NASA to Reexamine Nicknames for Cosmic Objects

Planetary nebula N-2392 (Credit: NASA)

WASHINGTON (NASA PR) — Distant cosmic objects such as planets, galaxies, and nebulae are sometimes referred to by the scientific community with unofficial nicknames. As the scientific community works to identify and address systemic discrimination and inequality in all aspects of the field, it has become clear that certain cosmic nicknames are not only insensitive, but can be actively harmful. NASA is examining its use of unofficial terminology for cosmic objects as part of its commitment to diversity, equity, and inclusion. 


First Official Names Given to Features on Asteroid Bennu

This flat projection mosaic of asteroid Bennu shows the locations of the first 12 surface features to receive official names from the International Astronomical Union. The accepted names were proposed by NASA’s OSIRIS-REx team members, who have been mapping the asteroid in detail over the last year. Bennu’s surface features are named after birds and bird-like creatures in mythology, and the places associated with them. (Credits: NASA/Goddard/University of Arizona)

by Nancy Neal Jones
NASA’s Goddard Space Flight Center

GREENBELT, Md. — Asteroid Bennu’s most prominent boulder, a rock chunk jutting out 71 ft (21.7 m) from the asteroid’s southern hemisphere, finally has a name. The boulder – which is so large that it was initially detected from Earth – is officially designated Benben Saxum after the primordial hill that first arose from the dark waters in an ancient Egyptian creation myth.  


Asteroid Bennu’s Features to be Named After Mythical Birds

This image shows boulder formations on asteroid Bennu’s surface. It was taken by the PolyCam camera on NASA’s OSIRIS-REx spacecraft on April 11, 2019 from a distance of 2.8 miles (4.5 km). (Credit: NASA/Goddard/University of Arizona)

Greenbelt, Md. (NASA PR) — Working with NASA’s OSIRIS-REx team, the International Astronomical Union’s Working Group for Planetary System Nomenclature (WGPSN) approved the theme “birds and bird-like creatures in mythology” for naming surface features on asteroid (101955) Bennu.


Locations Named on Asteroid Ryugu

Asteroid Ryugu photographed by Japan’s Hayabusa2 spacecraft. (Credit: JAXA)

TOKYO (JAXA PR) — Place names for locations on the surface of Ryugu were discussed by Division F (Planetary Systems and Bioastronomy) of the International Astronomical Union (IAU) Working Group for Planetary System Nomenclature (hereafter IAU WG) and approved in December 2018. We will introduce the place names in this article and the background to their selection.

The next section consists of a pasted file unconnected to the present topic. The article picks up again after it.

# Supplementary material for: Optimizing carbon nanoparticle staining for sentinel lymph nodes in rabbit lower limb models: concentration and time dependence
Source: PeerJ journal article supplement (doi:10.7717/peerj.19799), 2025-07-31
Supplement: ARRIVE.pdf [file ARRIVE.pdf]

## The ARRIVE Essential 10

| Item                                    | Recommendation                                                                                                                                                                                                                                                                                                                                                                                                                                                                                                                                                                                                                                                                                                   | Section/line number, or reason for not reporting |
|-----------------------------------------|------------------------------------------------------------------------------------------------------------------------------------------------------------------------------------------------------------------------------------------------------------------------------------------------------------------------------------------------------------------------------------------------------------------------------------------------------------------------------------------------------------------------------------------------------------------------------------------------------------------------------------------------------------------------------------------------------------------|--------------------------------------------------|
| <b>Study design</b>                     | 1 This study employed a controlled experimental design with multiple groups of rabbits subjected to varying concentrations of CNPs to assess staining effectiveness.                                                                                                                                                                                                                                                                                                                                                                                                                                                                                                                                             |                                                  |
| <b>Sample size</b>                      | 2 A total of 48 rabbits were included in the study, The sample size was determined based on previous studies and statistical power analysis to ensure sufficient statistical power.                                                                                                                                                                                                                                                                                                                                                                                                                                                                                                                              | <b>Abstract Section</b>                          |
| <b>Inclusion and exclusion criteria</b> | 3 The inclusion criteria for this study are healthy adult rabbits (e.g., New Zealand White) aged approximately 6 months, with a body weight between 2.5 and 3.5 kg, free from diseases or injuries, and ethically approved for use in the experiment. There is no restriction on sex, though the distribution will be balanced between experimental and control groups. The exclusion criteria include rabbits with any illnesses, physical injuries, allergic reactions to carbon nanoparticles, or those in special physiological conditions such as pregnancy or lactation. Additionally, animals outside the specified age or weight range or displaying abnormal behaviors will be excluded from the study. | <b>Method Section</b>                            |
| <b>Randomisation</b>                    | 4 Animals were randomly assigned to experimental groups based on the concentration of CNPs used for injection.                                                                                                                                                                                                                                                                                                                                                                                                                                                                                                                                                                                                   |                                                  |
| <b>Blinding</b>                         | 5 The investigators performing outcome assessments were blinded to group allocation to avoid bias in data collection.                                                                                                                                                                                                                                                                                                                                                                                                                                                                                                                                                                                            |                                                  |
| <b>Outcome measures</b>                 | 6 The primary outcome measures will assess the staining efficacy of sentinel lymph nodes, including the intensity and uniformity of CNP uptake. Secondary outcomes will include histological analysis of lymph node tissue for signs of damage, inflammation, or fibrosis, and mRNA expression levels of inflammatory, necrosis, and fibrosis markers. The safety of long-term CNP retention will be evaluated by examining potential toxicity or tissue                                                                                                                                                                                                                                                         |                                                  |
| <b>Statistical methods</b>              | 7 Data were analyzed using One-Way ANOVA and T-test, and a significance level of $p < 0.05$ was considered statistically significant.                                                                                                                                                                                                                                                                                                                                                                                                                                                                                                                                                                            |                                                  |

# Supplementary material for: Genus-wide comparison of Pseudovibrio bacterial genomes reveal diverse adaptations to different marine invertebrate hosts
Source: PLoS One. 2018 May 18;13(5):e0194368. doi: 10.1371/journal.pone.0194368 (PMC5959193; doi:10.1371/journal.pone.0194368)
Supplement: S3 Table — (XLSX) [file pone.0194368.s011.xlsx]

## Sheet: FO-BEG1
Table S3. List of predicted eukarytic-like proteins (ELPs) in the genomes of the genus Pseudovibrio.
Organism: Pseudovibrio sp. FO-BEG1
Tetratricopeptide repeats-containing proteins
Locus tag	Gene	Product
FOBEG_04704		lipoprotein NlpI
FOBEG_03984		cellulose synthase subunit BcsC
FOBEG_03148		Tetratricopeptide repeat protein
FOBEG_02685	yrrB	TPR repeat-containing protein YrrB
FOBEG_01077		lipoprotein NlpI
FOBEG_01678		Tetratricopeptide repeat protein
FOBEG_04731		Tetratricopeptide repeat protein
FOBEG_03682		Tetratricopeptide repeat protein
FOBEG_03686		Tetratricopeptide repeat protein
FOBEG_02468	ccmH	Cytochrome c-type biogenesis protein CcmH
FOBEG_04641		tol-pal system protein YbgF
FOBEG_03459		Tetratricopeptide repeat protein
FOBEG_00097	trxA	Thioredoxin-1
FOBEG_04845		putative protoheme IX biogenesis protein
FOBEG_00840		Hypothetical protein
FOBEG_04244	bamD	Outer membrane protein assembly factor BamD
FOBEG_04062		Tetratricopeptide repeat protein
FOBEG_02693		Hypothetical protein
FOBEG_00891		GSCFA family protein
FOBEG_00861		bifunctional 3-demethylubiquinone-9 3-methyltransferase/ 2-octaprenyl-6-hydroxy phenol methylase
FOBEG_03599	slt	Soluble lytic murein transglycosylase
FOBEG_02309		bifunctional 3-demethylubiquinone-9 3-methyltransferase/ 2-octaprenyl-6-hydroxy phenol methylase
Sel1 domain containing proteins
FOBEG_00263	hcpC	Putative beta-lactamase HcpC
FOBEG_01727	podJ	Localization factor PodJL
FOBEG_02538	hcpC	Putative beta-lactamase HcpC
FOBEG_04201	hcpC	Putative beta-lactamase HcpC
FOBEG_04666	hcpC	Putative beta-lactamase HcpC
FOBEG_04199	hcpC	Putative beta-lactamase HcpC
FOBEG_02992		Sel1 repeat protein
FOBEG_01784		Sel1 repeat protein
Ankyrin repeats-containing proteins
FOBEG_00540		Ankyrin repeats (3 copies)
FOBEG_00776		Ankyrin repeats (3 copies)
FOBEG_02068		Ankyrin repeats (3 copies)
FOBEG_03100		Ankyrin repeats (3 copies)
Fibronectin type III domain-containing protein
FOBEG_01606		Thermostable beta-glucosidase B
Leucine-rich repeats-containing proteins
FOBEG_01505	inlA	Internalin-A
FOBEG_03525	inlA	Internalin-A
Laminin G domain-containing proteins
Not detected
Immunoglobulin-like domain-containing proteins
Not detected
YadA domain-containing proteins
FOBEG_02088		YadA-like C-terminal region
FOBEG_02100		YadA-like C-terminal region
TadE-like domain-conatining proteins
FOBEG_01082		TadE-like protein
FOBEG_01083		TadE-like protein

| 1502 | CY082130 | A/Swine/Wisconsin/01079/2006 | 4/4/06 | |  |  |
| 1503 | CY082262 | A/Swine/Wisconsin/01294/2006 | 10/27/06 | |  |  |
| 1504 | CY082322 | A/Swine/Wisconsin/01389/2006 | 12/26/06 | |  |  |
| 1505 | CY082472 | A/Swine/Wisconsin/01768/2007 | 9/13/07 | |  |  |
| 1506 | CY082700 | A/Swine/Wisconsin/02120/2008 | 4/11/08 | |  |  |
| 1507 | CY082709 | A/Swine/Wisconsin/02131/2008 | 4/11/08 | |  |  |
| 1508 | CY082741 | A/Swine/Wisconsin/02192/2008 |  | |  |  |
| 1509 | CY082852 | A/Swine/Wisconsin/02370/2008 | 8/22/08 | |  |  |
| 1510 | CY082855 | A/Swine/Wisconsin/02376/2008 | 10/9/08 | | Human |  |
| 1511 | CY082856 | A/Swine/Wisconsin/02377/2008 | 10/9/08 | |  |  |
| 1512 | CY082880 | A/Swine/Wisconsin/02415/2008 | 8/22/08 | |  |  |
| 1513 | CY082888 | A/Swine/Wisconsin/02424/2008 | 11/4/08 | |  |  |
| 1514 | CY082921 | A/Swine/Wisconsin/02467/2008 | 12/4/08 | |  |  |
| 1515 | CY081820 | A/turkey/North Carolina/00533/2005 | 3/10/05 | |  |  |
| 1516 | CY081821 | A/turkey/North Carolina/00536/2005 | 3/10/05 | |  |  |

NASA Extends Campaign to Name Features on Pluto

New Horizons spacecraft (Credit: JHUAPL/SwRI)
New Horizons spacecraft (Credit: JHUAPL/SwRI)

WASHINGTON (NASA PR) — The public has until Friday, April 24 to help name new features on Pluto and its orbiting satellites as they are discovered by NASA’s New Horizons mission.

Announced in March, the agency wants to give the worldwide public more time to participate in the agency’s mission to Pluto that will make the first-ever close flyby of the dwarf planet on July 14.


IAU Increases Plutoid Total to Three

Credit: R. Hurt (SSC-Caltech), JPL-Caltech, NASA

Dwarf Planet Near Pluto Gets a Name

“A dwarf planet orbiting beyond Neptune has been designated the third plutoid in the solar system and given the name Makemake, the International Astronomical Union said on Saturday.

“The red methane-covered dwarf planet formerly known as 2005 FY9 or ‘Easterbunny’ is named after a Polynesian creator of humanity and god of fertility.”

Pluto: No Longer a Dwarf, But Still Not a Planet

Pluto and its satellite, Charon, in happier times. Image credit: Dr. R. Albrecht, ESA/ESO Space Telescope European Coordinating Facility; NASA.

It looks like it is time to revise those astronomy textbooks once again. For the second time in as many years, the world’s astronomers have reclassified Pluto. The International Astronomical Union has issued a statement saying that small bodies such as Pluto would be known by a new name: plutoid.

Two years ago, the IAU sparked a major controversy by reclassifying the distance world as a dwarf planet. The decision seemed especially upsetting to many schoolchildren, who identify with the tiny world that hovered forever on the periphery of a Solar System populated by much larger, grown up planets.

Whether this latest decision will mollify or mystify children is yet to be seen. However, it doesn’t really remove the confusion over why the IAU just didn’t leave well enough alone two years ago. Pluto orbits the sun, has an atmosphere, and possesses three satellite (including one, Charon, that’s half its size). In other words, it seems to fit most people’s definition of a planet. Why the change?

What was really confusing, however, was why astronomers would tempt fate by demoting a planet named after the Roman god of the underworld. One assumes they’re not very superstitious. Otherwise, they might be a tad worried that Pluto will exact his revenge on them, if not in this life then definitely in the next.